- A group of regulatory proteins that activate CDKs and, therefore, play an important role in controlling the cell cycle
There are specific cyclins for specific phases of the cell cycle.
Cyclin A: a protein that regulates cell cycle transition by binding to cyclin-dependent kinases (CDKs) 1 and 2.
- The transcription of cyclin A begins at the G1 restriction point and peaks in the middle of the S phase.
- The cyclin A-CDK2 complex allows the transition from the G1 to the S phase, and the cyclin A-CDK1 complex allows the transition from the S to the G2 phase.
- Cyclin B: a component of mitosis promoting factor, a cyclin-CDK complex that regulates the G2 checkpoint of the cell cycle
- A protein that regulates cell cycle transition by binding to cyclin-dependent kinases (CDKs) 3 and 8
- The cyclin C-CDK3 complex allows the transition from the G0 to the G1 phase, and the cyclin C-CDK8 complex regulates gene transcription by phosphorylating transcription factors and RNA polymerase II.
- A protein that regulates the transition from G1 to S phase in the cell cycle via activation of cyclin-dependent protein kinases
- Forms a complex with CDK4, which initiates DNA replication by inactivating retinoblastoma protein
- Cyclin E: a protein that regulates the transition from the G1 to the S phase of the cell cycle by binding to cyclin-dependent kinase 2 (CDK2) and activating it
- Cyclin A: a protein that regulates cell cycle transition by binding to cyclin-dependent kinases (CDKs) 1 and 2.
- A type of protein complex with an enzymatic function that phosphorylates other proteins to regulate the progression of the cell cycle
- The physiological progression of the cell cycle depends on the appropriate activation and deactivation of cyclin-CDK complexes at specific checkpoints.
- A group of proteins that arrest and modulate (e.g., repair or induce apoptosis) the cell cycle of cells with an abnormal genome
- DNA mutations can lead to defective tumor suppressor genes allowing cells to divide uncontrollably.
- BRCA-1/BRCA-2 (DNA repair proteins): defect associated with breast cancer
- NF1: defect associated with neurofibromatosis type 1
- p53: defect associated with Li-Fraumeni syndrome
- APC: defect associated with familial adenomatous polyposis
- pRb: defect associated with retinoblastoma
- See “Tumor suppressor genes” for more information.
The p53 tumor suppressor prevents cells with genetic errors from entering the S phase of the cell cycle.
Mutations in tumor suppressor genes result in uncontrolled proliferation. An important example is Li-Fraumeni syndrome, resulting from a mutation in the p53 tumor suppressor gene.
Important checkpoints and transition points
Definition: : A cell cycle checkpoint is a specific point in time that marks the transition from one cell cycle phase to another during which the current condition of a cell is revised (i.e., if all requirements for the transition to the next phase are met)
- If DNA is faulty or damaged, the cell cycle can be stopped in order to repair the DNA.
- Apoptosis is initiated if the DNA damage is not repaired.
- Definition: a cell division checkpoint during the G1 phase that restricts entry into the S phase
- Controls the cell's nuclear-cytoplasmic ratio, sufficient nutrient levels, and DNA damage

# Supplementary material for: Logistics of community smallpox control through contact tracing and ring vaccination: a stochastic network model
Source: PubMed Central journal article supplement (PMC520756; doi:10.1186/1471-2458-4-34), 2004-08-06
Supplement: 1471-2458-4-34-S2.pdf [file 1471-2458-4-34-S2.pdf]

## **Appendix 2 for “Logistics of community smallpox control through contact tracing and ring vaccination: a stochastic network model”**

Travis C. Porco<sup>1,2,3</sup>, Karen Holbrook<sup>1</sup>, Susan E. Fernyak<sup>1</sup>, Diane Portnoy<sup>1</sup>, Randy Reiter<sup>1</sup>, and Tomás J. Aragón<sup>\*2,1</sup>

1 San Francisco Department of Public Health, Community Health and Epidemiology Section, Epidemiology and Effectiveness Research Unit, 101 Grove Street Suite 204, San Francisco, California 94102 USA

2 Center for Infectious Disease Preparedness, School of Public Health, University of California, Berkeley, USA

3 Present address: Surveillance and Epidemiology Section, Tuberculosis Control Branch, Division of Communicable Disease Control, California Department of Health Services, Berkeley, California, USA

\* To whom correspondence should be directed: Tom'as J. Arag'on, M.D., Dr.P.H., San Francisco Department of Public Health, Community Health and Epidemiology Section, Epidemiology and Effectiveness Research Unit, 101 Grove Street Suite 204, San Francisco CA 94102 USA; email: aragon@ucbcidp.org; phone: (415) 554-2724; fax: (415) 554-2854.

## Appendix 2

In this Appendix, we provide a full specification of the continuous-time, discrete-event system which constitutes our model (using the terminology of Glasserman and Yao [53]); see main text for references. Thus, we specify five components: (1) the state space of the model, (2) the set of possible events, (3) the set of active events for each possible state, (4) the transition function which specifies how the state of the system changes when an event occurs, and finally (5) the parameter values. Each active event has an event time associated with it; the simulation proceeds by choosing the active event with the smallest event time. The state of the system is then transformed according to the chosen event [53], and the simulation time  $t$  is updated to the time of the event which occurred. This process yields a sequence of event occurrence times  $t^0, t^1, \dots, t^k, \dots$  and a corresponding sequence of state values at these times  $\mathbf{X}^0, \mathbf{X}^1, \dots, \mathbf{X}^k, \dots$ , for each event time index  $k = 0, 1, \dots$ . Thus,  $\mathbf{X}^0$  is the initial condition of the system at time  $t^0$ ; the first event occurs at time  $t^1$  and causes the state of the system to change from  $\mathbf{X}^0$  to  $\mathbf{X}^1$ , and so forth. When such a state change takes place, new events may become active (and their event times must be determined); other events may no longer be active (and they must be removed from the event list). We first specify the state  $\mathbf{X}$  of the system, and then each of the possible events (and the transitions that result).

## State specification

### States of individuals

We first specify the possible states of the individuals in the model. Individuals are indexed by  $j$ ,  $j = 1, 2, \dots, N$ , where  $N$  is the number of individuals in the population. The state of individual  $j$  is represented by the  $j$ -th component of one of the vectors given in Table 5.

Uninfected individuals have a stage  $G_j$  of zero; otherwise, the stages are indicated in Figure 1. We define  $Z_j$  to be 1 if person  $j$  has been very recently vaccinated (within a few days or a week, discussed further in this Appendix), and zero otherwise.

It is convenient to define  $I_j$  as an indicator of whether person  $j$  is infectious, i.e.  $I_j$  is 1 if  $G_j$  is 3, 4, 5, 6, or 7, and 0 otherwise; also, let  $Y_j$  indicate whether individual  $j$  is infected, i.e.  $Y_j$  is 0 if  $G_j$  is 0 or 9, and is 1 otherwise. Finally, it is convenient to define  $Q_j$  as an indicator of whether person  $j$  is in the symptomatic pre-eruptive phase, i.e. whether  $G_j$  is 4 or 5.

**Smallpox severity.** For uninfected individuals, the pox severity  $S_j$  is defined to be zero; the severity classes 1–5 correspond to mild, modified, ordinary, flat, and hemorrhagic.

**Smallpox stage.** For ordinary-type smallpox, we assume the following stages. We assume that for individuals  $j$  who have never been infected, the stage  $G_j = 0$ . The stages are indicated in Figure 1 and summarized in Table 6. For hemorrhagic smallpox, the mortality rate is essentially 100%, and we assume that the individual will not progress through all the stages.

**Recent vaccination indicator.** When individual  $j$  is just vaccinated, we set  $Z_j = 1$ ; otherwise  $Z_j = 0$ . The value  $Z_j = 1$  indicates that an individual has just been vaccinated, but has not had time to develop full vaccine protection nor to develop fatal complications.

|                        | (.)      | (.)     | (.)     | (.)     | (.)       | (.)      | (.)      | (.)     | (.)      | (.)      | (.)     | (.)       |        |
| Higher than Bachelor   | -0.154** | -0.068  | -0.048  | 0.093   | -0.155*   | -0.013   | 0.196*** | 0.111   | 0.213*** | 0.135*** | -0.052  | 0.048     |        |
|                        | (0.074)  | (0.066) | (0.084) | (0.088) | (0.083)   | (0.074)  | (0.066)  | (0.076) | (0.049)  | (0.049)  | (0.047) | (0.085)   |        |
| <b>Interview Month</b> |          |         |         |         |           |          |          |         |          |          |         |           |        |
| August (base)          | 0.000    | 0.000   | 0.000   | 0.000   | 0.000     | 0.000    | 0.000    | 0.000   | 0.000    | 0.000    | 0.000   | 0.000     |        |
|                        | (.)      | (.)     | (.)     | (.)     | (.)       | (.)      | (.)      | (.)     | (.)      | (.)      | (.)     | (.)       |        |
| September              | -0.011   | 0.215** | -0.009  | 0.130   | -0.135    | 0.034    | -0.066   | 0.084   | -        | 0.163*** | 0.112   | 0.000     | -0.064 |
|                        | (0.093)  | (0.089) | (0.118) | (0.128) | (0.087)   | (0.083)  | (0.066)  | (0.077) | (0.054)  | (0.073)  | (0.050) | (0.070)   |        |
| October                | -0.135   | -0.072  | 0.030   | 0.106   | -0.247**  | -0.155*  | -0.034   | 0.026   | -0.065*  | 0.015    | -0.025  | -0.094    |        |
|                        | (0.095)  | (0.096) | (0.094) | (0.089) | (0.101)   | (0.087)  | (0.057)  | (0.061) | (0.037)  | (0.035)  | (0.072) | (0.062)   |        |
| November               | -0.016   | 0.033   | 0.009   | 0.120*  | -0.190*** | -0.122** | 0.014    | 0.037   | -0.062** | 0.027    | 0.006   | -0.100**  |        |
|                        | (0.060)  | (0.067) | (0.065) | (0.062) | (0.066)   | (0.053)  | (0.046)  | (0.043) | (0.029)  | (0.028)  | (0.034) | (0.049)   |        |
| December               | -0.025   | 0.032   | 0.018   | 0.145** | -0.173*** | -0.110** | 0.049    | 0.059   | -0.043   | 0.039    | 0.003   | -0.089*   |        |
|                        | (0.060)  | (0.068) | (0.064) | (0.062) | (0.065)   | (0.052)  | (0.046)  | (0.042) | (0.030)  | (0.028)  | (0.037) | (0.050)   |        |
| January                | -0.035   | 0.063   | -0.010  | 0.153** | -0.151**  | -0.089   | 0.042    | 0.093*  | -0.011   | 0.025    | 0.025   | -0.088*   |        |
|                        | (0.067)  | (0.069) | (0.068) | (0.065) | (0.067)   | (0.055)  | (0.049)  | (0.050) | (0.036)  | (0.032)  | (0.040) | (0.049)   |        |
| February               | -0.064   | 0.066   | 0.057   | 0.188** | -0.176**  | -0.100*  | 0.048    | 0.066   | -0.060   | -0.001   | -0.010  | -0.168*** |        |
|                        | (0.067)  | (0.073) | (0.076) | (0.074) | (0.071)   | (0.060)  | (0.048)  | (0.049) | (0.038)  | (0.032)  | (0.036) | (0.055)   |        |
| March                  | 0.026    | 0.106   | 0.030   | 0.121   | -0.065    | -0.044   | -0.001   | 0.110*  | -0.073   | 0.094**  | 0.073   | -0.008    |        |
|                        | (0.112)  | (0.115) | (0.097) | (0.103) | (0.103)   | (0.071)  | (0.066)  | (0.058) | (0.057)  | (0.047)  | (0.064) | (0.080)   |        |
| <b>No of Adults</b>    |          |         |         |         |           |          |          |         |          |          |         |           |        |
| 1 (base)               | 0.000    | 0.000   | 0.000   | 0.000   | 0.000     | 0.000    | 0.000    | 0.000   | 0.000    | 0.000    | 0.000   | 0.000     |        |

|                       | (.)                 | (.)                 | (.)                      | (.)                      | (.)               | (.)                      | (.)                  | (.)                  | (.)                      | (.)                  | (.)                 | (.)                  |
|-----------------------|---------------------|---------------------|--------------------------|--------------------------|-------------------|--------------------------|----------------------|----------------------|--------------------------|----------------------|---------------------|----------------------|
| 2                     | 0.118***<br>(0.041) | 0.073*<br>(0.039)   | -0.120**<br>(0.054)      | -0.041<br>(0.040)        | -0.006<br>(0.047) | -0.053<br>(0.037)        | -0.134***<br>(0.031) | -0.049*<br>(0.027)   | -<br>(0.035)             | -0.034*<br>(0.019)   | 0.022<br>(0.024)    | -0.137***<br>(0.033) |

- Growth signals lift the checkpoint.
- Cells that pass this checkpoint become committed to division.
- Dysfunction of this checkpoint (e.g., from loss of p53 function) leads to unregulated cell division.
Cyclin D/Cdk4 complex
- A regulatory protein complex that initiates DNA replication by inactivating pRb
- Cyclin D/CDK4 complex phosphorylates pRb → pRb inactivation → release of previously bound transcription factor E2F → transcription of genes that are required for DNA replication
p53 tumor suppressor
- A protein that inhibits DNA replication by activating pRb and initiates apoptosis of the cells with irreparable DNA damage
- DNA damage → activation of protein kinases → phosphorylation of p53 → activation of p21 → inhibition of Cdks → inhibition of Cdk-mediated phosphorylation of pRb → pRb activation and binding of transcription factor E2F → cell arrest in the G1 phase (no entry into the S phase)
- Activation of the p27 protein (a phosphoprotein that prevents cell cycle progression by inhibiting cyclin/cyclin-dependent kinase complexes) leads to the same sequence of events.
- Present in every cell but undergoes continuous ubiquitylation and degradation
- Phosphorylated p53 can no longer be ubiquitinylated and degraded, leaving it free to act as a transcription factor.
- Proapoptotic active proteins of the Bcl-2 family such as Bax and Bak
- Cyclin D/Cdk4 complex
Mutations in the Rb gene lead to the dysregulation of the cell cycle and, thus, unrestrained growth of retinal tumor cells (e.g., retinoblastoma).
- Definition: a cell division checkpoint during the G2 phase
- Checks for DNA damage and completeness of DNA replication
- Initiates mitosis by phosphorylation of various proteins (e.g., histones)
- Also an important regulator for synchronized cell division of multiple cells
- Regulation: mitosis promoting factor (MPF), which is composed of Cdk1 and cyclin B
M checkpoint (spindle checkpoint)
- Definition: a checkpoint between metaphase and anaphase in mitosis
- Characteristics: ensures correct alignment of the chromosomes and sister chromatids at the equatorial plane before the separation of sister chromatids
|Cell types by replication properties|
|Labile cells|| || |
|Quiescent (stable) cells|| |
|Permanent cells|| || |